This timely book reveals that the budget deficits and accumulating debts that plague modern democracies reflect a clash between two rationalities of governance: one of private property and one of common property. The clashing of these rationalities at various places in society creates forms of societal tectonics that play out through budgeting. The book demonstrates that while this clash is an inherent feature of democratic political economy, it can nonetheless be limited through embracing once again a constitution of liberty.
Not all commons settings have tragic outcomes, of course, but tragic outcomes loom large in democratic processes because they entail conflict between two very different forms of substantive rationality; the political and market rationalities. These are both orders that contain interactions among participants, but the institutional frameworks that govern those interactions differ, generating democratic budgetary tragedies. Those tragedies, moreover, are inherent in the conflict between the different rationalities and so cannot be eliminated. They can, as this book argues, be reduced by restoring a constitution of liberty in place of the constitution of control that has taken shape throughout the west over the past century.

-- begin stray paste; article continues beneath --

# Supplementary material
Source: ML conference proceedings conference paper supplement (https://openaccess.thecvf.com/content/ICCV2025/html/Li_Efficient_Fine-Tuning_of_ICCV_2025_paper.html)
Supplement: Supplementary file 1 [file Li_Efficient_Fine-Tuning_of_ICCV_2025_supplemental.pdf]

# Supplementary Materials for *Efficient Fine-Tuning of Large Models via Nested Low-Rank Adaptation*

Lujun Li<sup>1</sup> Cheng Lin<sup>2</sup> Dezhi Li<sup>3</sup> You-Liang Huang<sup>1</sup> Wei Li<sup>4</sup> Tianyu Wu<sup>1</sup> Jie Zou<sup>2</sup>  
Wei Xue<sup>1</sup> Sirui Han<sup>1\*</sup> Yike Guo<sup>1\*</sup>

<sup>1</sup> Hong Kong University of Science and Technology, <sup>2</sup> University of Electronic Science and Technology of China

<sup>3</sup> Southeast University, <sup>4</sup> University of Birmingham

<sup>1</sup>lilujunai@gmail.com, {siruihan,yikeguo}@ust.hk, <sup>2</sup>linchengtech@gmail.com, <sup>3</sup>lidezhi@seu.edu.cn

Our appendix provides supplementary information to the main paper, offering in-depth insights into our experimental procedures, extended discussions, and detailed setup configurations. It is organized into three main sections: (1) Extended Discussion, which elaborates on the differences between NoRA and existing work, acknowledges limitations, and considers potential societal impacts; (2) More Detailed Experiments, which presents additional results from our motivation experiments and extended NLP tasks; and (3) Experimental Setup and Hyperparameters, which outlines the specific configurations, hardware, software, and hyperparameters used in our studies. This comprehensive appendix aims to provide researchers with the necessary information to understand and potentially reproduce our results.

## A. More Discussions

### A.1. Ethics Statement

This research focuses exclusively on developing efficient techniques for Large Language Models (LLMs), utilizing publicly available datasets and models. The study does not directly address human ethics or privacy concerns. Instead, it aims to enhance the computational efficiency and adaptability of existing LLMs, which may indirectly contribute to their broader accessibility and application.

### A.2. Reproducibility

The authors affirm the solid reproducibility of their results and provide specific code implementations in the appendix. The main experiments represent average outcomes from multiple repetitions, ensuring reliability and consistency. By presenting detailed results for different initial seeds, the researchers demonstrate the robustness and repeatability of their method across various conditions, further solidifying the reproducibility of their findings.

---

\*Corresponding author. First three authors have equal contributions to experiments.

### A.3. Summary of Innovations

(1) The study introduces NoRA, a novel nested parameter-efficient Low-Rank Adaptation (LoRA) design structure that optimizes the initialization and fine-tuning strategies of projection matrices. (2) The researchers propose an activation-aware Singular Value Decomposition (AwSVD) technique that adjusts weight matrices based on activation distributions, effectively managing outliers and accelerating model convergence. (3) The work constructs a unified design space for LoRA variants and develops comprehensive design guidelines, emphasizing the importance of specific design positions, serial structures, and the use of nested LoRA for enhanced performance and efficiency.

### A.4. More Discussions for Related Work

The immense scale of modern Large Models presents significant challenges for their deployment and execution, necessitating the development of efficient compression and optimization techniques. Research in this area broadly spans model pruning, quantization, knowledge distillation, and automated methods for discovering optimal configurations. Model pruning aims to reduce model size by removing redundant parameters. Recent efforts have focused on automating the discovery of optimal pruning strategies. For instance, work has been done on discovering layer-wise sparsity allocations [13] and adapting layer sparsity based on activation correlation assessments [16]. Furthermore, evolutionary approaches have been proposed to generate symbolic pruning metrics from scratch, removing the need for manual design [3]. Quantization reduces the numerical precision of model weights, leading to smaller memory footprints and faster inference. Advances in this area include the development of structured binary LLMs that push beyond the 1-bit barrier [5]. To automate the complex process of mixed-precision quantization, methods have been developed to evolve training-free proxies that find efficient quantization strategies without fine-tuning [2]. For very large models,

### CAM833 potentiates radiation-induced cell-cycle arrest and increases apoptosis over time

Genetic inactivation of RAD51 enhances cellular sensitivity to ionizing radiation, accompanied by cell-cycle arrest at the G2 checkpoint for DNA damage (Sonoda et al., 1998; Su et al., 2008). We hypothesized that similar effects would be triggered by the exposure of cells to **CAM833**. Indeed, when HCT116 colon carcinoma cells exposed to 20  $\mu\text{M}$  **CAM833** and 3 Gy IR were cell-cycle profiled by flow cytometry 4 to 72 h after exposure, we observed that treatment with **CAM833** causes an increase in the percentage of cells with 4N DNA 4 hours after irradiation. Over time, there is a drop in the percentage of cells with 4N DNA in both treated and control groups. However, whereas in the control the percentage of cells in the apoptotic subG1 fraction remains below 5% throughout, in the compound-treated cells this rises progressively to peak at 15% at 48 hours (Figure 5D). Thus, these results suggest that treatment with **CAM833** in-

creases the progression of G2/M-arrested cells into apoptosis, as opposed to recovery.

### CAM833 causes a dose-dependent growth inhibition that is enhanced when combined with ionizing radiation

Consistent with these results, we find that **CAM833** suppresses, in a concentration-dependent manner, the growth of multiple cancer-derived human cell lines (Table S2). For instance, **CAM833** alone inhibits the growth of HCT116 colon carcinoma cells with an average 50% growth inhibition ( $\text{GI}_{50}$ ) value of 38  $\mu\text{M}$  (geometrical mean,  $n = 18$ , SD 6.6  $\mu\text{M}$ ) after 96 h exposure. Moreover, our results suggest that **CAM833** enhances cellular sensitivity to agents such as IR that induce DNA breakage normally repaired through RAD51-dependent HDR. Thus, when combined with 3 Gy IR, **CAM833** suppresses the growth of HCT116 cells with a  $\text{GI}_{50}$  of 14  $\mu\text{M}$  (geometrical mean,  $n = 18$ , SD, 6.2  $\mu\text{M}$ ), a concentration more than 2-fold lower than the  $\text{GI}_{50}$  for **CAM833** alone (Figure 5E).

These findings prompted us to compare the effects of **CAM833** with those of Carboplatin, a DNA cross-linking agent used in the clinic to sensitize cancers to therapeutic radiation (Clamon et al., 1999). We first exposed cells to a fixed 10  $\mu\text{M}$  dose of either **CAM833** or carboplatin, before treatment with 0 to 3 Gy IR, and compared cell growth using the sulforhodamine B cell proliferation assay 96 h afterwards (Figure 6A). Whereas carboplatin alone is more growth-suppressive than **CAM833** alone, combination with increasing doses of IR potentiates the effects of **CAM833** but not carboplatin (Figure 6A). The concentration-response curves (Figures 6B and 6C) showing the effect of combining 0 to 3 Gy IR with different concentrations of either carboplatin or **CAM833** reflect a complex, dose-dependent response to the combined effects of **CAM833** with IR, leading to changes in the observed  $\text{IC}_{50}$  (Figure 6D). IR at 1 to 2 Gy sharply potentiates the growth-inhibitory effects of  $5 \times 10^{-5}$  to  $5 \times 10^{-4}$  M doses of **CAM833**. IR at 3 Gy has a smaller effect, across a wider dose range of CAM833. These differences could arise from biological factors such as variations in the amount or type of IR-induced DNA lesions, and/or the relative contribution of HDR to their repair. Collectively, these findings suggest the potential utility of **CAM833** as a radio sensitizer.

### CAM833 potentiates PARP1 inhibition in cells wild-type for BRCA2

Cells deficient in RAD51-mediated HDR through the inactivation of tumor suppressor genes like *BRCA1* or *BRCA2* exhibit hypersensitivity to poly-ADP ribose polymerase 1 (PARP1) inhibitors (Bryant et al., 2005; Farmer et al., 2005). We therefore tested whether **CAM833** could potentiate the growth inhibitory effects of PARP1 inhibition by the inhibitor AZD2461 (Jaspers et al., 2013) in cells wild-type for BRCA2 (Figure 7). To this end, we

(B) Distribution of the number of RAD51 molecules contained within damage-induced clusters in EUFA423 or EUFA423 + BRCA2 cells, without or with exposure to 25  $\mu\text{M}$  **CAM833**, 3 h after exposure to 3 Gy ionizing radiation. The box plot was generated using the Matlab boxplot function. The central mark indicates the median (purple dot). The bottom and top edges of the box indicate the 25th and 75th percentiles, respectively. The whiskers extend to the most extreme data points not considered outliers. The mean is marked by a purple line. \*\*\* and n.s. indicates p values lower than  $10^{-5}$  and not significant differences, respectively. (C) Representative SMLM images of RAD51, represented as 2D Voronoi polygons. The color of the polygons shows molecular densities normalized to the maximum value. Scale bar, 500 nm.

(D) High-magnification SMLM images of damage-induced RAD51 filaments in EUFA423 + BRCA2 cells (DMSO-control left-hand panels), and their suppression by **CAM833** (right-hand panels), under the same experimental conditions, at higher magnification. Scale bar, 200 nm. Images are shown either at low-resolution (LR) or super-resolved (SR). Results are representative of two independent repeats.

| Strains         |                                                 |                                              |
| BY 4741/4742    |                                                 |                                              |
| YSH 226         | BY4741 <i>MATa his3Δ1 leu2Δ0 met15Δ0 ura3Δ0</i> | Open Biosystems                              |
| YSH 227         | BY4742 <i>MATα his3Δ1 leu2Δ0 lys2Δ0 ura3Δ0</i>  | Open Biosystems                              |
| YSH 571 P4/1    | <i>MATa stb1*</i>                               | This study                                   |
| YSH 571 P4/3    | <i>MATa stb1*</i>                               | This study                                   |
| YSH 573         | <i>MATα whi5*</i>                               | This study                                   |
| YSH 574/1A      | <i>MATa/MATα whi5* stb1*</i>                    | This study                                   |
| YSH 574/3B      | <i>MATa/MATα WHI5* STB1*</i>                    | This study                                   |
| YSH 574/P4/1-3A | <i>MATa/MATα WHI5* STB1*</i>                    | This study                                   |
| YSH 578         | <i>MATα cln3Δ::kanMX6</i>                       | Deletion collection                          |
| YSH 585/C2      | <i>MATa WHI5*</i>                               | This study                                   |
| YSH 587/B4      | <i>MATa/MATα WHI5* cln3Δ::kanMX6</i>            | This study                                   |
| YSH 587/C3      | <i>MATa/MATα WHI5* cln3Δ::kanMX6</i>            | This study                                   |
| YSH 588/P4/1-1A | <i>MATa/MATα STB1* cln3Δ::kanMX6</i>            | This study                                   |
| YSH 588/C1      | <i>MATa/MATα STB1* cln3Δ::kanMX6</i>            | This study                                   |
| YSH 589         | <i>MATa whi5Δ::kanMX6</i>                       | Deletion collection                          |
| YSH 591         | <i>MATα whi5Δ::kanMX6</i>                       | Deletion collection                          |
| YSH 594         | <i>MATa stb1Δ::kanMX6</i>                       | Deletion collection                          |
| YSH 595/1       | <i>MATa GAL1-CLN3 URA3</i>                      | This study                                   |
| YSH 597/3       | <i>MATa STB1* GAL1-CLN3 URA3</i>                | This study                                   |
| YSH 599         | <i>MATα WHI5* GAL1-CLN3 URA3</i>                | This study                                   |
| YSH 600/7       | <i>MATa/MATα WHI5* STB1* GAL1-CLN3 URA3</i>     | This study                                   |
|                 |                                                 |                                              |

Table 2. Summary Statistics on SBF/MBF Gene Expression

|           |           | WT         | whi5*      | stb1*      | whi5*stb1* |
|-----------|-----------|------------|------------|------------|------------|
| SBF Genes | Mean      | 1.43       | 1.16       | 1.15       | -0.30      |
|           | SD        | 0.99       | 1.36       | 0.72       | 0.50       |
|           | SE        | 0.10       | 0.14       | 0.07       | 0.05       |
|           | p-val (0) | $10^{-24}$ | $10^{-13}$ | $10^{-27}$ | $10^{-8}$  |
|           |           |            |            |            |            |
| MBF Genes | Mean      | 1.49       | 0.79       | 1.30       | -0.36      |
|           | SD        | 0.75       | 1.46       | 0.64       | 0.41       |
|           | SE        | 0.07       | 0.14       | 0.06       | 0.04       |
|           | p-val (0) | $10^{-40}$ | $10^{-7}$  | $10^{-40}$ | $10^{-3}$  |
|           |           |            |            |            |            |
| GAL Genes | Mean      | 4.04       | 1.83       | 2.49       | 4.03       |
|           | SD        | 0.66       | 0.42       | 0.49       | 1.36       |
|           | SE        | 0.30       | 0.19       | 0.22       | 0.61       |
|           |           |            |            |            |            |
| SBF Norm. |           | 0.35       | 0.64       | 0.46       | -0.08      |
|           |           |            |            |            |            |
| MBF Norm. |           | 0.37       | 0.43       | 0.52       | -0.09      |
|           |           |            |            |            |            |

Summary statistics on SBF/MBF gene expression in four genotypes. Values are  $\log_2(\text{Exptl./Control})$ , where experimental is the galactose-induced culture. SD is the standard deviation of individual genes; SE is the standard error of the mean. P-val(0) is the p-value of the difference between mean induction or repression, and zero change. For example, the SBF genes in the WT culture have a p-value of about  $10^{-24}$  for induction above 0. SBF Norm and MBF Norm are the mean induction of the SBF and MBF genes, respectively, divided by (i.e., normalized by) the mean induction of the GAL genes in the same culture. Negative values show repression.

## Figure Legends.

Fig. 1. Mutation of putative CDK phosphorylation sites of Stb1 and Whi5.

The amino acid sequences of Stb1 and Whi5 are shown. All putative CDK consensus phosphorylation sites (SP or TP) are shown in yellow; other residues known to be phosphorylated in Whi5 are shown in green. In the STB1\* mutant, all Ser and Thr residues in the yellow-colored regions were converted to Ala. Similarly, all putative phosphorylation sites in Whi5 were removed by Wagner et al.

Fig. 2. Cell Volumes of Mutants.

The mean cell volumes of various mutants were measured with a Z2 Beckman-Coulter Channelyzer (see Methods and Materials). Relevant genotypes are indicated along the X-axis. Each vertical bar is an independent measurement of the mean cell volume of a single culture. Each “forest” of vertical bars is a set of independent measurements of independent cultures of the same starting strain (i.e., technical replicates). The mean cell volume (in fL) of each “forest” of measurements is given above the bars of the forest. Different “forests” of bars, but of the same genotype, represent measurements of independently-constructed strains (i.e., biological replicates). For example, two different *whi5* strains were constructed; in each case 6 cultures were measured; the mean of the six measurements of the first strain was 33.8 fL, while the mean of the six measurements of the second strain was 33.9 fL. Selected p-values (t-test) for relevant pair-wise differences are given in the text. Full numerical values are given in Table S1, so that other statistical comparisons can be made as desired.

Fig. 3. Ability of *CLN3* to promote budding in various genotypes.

Economists interested in public finance, public policy and political economy along with scholars of political science, public administration, law and political philosophy will find this book intriguing.